Wednesday, December 5, 2012

A Civil War Christmas

                A Civil War Christmas is a play about Christmas Eve, 1864. A play about the distresses that not only Lincoln, but people around him, dealt with at that time; that touches up the story of recently freed slaves and white people alike. A Civil War Christmas was shockingly brilliant, as creator Paula Vogel intended it to be. The room darkens as the play begins, and there is a silence that falls over the crowd. I sit amongst them and patiently await the seasonal themed production. As the opening song pans out, the audience sees the entire cast and gets a grasp on the concept this play is demonstrating by the diversity that lay in front of them.

                Not only does this creation involve the brilliant actors and actresses that play their parts, but also the people above and behind, in the top boxes. They work on projections, lighting, and cues, which are all just as important as the people telling the story. One such team member, Julia Steven, spoke to me of her job on the set. “I love being behind the scenes and working (projection). It’s like I’m a part of the play but I don’t have to be where people can see me; it’s awesome.” Steven, a transfer sophomore here at Frostburg, is a theatre major, and loves being behind the scenes. “It was hard work for the entire tech week when we were rehearsing and stuff; they had to keep stopping to do lines over and over again and I couldn’t even eat anything!” Julia (and other members of the tech crew) worked hard, but in the end it all paid off.

                Kai White, a senior, and also the proud player of Mrs. Keckley in A Civil War Christmas, says, “I’m very proud of my work and the work of the cast. Race is a sensitive subject and I feel as if the department handled it with class. The cast works very well together and we are under great direction. I’m very sad to see this show end.” The subject of race is a big part in A Civil War Christmas, but according to Kai, and as the audience could see very plainly, the people involved with the theatre department on all ends were supportive on this touchy subject. Kai herself played a dynamic character, and gave a dramatic, explosive performance matched by no one.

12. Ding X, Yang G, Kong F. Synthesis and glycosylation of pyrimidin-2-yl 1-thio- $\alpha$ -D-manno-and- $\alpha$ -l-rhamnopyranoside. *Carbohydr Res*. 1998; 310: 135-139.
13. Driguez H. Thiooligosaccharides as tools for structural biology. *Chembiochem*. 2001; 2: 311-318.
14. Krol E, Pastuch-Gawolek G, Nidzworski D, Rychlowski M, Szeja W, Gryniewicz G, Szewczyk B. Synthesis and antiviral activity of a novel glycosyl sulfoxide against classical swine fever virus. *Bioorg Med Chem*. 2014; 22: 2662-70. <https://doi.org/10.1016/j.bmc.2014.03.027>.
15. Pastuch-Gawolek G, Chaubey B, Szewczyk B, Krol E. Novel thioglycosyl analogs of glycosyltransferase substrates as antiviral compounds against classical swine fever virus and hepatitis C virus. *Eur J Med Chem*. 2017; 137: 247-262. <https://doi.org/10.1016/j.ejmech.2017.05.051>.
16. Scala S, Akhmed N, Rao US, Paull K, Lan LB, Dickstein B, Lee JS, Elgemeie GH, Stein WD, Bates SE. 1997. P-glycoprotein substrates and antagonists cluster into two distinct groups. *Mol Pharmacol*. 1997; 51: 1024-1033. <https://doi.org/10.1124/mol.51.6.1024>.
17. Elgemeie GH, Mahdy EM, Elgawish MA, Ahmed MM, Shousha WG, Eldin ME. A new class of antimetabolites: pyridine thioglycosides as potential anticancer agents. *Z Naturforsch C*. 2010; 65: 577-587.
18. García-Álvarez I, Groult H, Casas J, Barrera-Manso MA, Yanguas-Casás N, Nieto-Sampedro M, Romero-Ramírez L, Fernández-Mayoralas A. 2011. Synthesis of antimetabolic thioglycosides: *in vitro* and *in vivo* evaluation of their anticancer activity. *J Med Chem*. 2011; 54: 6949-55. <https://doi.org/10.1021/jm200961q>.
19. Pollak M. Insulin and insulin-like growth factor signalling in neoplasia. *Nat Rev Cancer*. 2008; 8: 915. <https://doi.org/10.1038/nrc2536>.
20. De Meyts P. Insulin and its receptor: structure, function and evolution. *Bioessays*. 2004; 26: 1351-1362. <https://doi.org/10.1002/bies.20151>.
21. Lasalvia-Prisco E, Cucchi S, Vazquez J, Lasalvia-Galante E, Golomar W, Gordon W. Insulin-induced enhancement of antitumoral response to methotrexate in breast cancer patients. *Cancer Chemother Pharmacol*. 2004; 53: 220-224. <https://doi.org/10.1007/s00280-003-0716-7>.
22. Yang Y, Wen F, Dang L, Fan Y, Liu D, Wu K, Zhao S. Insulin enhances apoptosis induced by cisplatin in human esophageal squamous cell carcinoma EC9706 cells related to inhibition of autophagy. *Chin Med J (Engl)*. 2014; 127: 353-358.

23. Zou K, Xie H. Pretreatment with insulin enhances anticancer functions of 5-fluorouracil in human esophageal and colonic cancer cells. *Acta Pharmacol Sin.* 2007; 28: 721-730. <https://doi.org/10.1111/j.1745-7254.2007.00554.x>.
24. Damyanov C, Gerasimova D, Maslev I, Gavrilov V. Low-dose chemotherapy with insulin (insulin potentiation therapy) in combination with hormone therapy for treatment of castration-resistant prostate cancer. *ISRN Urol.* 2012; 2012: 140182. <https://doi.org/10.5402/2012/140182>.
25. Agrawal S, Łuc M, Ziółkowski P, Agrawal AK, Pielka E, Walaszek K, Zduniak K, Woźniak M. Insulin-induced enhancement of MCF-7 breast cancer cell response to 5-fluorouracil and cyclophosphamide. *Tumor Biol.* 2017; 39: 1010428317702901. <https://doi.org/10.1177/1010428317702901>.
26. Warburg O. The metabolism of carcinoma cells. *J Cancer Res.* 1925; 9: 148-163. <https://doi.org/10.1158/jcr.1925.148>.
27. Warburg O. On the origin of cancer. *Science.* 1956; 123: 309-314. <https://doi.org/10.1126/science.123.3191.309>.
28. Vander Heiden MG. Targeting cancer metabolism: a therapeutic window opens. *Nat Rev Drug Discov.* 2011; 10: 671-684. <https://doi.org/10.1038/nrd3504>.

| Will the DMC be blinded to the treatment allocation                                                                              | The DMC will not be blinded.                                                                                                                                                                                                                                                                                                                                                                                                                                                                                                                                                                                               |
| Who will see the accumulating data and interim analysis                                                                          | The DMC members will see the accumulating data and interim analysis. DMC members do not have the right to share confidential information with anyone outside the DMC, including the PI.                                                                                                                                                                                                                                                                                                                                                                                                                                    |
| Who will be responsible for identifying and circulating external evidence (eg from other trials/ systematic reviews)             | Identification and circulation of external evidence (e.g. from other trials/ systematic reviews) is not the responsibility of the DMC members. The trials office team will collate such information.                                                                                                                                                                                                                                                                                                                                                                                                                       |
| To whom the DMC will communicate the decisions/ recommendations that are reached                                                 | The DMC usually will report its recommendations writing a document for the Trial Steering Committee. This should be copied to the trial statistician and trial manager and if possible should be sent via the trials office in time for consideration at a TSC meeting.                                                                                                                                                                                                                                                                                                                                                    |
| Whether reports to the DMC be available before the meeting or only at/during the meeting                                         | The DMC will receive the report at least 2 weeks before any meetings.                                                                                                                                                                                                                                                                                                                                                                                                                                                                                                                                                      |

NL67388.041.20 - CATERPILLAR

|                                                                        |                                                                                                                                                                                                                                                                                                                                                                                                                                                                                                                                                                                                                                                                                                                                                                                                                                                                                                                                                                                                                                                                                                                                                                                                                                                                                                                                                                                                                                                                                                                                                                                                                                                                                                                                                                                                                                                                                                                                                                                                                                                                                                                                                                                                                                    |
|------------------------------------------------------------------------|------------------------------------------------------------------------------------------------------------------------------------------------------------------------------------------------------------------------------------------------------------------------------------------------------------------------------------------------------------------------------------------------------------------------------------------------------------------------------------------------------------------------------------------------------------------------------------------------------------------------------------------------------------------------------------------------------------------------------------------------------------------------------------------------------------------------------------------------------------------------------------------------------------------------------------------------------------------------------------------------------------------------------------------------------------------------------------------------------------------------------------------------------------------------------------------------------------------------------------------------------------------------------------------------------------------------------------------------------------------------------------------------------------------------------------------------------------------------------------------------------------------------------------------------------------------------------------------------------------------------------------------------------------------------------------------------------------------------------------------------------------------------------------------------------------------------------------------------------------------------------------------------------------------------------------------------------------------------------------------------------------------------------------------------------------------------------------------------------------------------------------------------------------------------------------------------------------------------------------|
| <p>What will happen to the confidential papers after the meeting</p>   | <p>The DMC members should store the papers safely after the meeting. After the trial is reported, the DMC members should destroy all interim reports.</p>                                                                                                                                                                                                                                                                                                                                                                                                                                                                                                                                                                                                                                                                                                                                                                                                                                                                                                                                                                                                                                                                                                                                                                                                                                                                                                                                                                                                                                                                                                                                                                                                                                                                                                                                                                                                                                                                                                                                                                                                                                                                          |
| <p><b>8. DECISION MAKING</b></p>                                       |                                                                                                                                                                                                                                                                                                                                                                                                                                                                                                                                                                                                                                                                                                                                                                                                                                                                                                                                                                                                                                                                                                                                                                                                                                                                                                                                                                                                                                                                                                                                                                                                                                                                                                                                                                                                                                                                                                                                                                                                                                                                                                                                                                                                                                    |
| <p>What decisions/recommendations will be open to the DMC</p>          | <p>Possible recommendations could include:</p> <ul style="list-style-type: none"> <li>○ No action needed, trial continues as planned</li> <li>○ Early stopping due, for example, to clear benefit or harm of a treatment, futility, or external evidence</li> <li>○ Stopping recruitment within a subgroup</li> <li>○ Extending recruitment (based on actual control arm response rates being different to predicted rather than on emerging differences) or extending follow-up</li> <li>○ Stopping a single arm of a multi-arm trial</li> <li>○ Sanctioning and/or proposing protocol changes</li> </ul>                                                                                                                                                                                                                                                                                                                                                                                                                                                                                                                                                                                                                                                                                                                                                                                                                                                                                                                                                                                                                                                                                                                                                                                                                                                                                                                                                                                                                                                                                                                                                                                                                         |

Victoria Miller’s impression of this piece was definitely positive. “I’ve never seen anything like it,” she tells me. “It’s like a whole different side of what the Civil War was about; it got way more personal than I expected it to be.” Miller is a freshman at Frostburg and agrees that this show will leave an imprint on people’s judgments and perceptions of color and class.

Altogether, this performance was a fantastic experience for those involved: from the actors to the directors, the tech crew to the audience, it certainly was a dedicated involvement from those tangled in the web of A Civil War Christmas.

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